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Posted: June 12, 2014

Chef Laura: The waiting game

Seven ways to help your customers be patient

Laura Cook Newman

The following scenarios occur during three different visits to the same restaurant.  Imagine all variables like size of the party, day of the week, and time of day are consistent; the only thing that changes is the quoted wait time.

Scenario 1: You arrive and are informed there’s a 20-minute wait. Twenty minutes later, you are ushered to your seat.

Scenario 2: Checking in with the host you are told the wait is 30 minutes.  Twenty minutes later, you are ushered to your seat.

Scenario 3: “The wait is 10 minutes,” the hostess says.  Twenty minutes later, you are ushered to your seat.

  1. Which scenario met your expectations?
  2. Which scenario exceeded your expectations?
  3. Which scenario did not meet your expectations?

In all three scenarios, you were seated in 20 minutes – a reasonable amount of time to wait for a table at most restaurants that don’t take reservations.  But the time that was quoted had a direct impact on your dining experience.

I learned the fine art of the waiting game when I was a novice hostess at a busy neighborhood Italian restaurant.  See if you spot the seven missteps in the following story:

“Your table will be ready in 10 minutes,” I’d smile, handing them a blinking black box that looked like a futuristic bomb.  With no bar to sit at, the customers loitered in the doorway an frequently glared at the clock over my head while counting down the seconds. 

At 10 minutes on the dot, they’d check in with me.  “Gosh, I’m so sorry, it will probably be 10 more minutes,” I’d respond, my eyes nervously sweeping the room searching for table-clearing activity.

This went on for another few rounds – they’d approach my podium and I’d extend the wait time by two-minute increments.  All in all that party waited 25 minutes for their table and were miffed!  I’d hand off irritated customers to a server – now charged with righting this terrible injustice I created.

Looking for a little sympathy, I turned to my waitress friend who started as a hostess at the same restaurant.  “When we’re slammed, just tell everyone the wait is 30 minutes. That’s what I did,” she replied, cool as a cucumber. 

Now my friend is a little more easy-peasy-lemon-squeezy than me, but she had a point.

Here are the novice mistakes I made and how to correct:

  1. “Your table will be ready in 10 minutes” –this quote is:
    1. Too precise – provide a window of time to expect service
    2. Too short of time – anyone will easily wait ten minutes
    3. Ends in a zero – quotes like 15 and 25 minutes feel less concrete and more fluid
  2. “Handling them a blinking black box…” - Get their name and use it.  This makes it personal.   The blinking pager increases their stress level like MacGyver trying to diffuse a bomb.
  3. “No bar to sit at…” - make the waiting area comfortable and appropriate to your customers.  Offer something while they wait - a snack, a beverage, free Wi-Fi.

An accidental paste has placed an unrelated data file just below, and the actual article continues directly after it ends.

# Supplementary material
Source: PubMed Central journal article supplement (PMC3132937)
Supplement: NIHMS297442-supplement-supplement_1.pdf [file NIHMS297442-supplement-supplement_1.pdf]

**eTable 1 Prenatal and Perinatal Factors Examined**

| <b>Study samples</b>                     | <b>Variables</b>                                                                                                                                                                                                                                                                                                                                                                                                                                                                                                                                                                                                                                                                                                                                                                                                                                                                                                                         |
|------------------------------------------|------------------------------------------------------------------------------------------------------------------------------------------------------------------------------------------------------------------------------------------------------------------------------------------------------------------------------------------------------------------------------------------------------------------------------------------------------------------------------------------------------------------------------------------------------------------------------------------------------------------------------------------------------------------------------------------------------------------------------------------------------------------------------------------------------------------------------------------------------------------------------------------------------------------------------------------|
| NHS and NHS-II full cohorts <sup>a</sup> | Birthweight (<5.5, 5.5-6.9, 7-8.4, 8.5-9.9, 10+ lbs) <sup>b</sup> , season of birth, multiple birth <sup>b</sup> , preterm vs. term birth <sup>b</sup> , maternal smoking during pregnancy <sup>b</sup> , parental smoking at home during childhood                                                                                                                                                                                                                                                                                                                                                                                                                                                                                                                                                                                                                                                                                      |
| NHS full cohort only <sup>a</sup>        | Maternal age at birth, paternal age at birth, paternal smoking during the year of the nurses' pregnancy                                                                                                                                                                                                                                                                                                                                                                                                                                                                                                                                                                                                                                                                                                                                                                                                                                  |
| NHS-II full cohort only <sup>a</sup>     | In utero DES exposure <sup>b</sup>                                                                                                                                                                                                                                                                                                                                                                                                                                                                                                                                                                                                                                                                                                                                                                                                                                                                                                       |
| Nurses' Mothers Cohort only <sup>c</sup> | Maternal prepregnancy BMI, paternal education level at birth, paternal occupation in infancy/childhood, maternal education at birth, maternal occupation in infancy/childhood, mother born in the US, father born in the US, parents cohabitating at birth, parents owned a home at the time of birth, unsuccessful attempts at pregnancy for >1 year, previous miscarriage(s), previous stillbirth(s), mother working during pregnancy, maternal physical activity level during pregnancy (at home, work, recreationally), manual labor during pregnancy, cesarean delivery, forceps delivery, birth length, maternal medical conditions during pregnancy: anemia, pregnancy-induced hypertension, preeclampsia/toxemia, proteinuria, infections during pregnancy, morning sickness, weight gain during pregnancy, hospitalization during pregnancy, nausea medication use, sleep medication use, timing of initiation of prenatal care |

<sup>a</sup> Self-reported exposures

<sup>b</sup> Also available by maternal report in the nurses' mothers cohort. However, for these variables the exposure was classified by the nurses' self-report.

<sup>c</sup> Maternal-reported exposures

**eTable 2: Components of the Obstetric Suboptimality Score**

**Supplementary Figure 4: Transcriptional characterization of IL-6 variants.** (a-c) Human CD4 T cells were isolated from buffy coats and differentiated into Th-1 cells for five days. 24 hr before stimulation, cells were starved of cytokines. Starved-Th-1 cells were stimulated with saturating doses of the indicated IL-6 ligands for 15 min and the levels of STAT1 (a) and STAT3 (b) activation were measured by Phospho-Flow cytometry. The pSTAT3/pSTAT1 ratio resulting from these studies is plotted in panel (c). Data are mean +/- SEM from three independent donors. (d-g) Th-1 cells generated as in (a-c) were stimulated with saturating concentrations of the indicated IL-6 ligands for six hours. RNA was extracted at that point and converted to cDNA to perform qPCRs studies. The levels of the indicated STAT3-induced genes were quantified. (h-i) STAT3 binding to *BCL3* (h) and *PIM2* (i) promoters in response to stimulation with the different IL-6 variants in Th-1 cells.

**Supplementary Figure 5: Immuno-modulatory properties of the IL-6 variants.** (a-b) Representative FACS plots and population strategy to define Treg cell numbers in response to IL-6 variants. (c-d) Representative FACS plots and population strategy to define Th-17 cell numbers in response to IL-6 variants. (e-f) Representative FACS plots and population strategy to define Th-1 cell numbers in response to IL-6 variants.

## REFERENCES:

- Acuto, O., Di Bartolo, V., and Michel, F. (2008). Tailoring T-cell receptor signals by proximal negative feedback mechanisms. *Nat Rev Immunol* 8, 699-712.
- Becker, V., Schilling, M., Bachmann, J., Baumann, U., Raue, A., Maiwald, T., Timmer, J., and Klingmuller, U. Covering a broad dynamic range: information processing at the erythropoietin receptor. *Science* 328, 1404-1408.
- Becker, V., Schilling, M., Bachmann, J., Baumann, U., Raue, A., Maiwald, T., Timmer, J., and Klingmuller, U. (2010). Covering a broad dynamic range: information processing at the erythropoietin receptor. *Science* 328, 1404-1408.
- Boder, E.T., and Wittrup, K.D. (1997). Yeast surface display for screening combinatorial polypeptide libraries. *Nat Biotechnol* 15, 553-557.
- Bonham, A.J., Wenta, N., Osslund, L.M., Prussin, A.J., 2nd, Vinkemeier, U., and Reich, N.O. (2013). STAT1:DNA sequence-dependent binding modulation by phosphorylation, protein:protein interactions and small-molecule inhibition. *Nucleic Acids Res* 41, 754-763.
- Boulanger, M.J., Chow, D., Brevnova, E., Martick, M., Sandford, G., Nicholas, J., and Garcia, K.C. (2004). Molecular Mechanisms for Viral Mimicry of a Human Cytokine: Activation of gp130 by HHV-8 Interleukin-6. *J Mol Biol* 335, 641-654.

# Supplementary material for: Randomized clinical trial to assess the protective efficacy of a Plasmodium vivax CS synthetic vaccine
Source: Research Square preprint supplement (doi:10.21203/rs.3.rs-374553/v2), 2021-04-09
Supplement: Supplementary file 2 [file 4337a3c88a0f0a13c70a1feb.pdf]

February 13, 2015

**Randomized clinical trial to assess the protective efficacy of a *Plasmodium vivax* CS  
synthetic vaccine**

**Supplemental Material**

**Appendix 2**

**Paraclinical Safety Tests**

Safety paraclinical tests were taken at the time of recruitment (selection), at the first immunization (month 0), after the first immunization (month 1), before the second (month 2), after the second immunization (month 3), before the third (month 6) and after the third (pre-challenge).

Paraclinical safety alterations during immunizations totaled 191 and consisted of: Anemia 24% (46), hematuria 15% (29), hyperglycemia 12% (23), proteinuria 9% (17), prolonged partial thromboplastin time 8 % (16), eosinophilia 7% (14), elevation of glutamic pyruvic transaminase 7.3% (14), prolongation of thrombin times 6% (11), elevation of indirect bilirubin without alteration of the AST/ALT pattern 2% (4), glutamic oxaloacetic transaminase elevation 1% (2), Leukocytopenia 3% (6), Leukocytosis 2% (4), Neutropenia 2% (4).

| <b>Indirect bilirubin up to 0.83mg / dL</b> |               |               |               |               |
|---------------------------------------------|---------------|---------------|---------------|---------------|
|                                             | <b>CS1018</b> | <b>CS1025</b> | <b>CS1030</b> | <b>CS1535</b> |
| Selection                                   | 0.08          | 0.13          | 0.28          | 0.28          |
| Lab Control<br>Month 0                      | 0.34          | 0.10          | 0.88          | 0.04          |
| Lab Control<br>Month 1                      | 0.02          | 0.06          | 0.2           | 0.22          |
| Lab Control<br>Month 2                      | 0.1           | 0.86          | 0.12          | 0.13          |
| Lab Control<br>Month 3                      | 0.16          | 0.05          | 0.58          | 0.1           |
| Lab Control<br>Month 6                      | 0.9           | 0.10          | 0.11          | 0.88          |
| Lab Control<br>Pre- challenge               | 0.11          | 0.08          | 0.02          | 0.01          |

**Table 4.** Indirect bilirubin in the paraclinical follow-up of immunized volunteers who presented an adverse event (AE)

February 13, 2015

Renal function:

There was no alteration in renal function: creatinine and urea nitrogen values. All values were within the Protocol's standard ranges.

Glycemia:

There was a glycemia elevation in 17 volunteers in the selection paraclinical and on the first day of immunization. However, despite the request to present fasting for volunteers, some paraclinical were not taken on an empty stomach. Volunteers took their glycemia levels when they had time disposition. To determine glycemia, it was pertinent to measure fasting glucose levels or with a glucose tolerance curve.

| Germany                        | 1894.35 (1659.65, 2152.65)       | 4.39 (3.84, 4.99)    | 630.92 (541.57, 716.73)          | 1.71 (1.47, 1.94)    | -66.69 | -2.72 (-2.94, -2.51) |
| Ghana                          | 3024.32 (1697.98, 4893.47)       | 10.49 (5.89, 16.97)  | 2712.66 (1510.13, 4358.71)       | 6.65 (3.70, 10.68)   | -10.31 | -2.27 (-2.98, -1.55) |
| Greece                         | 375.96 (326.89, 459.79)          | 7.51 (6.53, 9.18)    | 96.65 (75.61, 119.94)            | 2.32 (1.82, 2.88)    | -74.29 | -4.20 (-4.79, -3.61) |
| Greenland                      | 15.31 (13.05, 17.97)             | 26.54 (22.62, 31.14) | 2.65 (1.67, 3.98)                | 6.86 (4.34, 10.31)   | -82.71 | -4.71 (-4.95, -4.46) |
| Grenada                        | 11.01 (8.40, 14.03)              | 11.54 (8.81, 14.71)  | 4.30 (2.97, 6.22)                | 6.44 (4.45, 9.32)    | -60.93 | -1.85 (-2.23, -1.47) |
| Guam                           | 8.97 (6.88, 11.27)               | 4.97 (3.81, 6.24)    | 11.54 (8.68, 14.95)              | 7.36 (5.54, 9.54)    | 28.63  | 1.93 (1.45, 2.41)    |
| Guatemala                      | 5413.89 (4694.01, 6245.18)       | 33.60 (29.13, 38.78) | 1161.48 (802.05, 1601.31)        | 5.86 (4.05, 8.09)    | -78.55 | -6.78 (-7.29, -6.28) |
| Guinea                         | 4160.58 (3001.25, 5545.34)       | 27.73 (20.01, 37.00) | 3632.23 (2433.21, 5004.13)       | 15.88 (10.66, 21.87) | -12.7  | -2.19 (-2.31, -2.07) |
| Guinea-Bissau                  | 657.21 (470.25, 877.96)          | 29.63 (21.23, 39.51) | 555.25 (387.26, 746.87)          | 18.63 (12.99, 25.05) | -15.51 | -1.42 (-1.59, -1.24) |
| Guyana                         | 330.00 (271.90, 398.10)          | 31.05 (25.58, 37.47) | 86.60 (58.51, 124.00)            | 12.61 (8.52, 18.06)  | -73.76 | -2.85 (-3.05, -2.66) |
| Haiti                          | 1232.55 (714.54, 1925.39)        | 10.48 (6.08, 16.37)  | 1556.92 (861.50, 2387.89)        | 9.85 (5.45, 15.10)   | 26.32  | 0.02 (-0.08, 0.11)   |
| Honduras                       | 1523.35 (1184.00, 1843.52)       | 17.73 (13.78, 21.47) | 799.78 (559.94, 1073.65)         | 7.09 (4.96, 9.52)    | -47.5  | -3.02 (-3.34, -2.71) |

4. “Glared at the clock over my head…” – there are no clocks on the casino floor in Vegas, nor should there be in your waiting area.  Even in schools, clocks are placed in the back of the room so the teacher is aware of the time, not in the front of the room so the students fixate on the seconds until recess.
  5. “Gosh, I’m so sorry…” - don’t overly apologize.  When you come across like a groveling doormat that is how you will be treated. 
  6. “My eyes nervously sweeping the room” – The guest needs to see some effort.  Excuse yourself and seek some answers.
  7. “…they’d approach my podium…” – Shift the power and you check in with them.  Just like a server checks back with their table after the meal is delivered (known as the two-minute check back), the host/receptionists, should check in with the customer, by name, after 10 minutes for a status update.

Incorporating these tips shows your customer you are confidently in control of the situation, enabling them to relax.  Easy-peasy-lemon-squeezy.

Laura Cook Newman is a professional Chef and Training Manager for a Fortune 500 food manufacturer. She earned her chops at Johnson & Wales University, has an MBA in Marketing and hosts a blog for behind-the-scenes insights on the food service industry. Contact her at

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Readers Respond

I can always tell how the night is going to turn out as soon as the hostess greets me. Any wavering of confidence and I know it's going to be painful. My favorite is when I'm told it will be a ridiculously long wait in an empty restaurant. Red flags = taking my business somewhere else. By Paulie on 2014 06 12
you should come train some of the front desk people that I work with. By Ta Tee on 2014 06 12
Abby, I have some ideas on how to handle that, but first I'd love to hear from our readers. What would you do in that situation? Comments welcome. By Chef Laura on 2014 06 12
I was at a restaurant (the name shall remain nameless, but they have a nice Sunday brunch) in Golden a few weeks ago). It was a nice morning and we wanted to sit outside. They were just opening the patio and said it would be 10-15 min. 30 min later when two couples who arrived after we did were sat, I blew my top. I try not to do that at a restaurant, as I don't want to be served saliva in my drinks, but man I was ticked. Any suggestions as to how to handle By Dear Abby on 2014 06 12
Good everyday example about managing expectations. Someone very wise taught me to under-promise and over-deliver. By the way, "host" dreams still come up every few years for me during stressful times. Not the most restful sleep. smile By Ted on 2014 06 12
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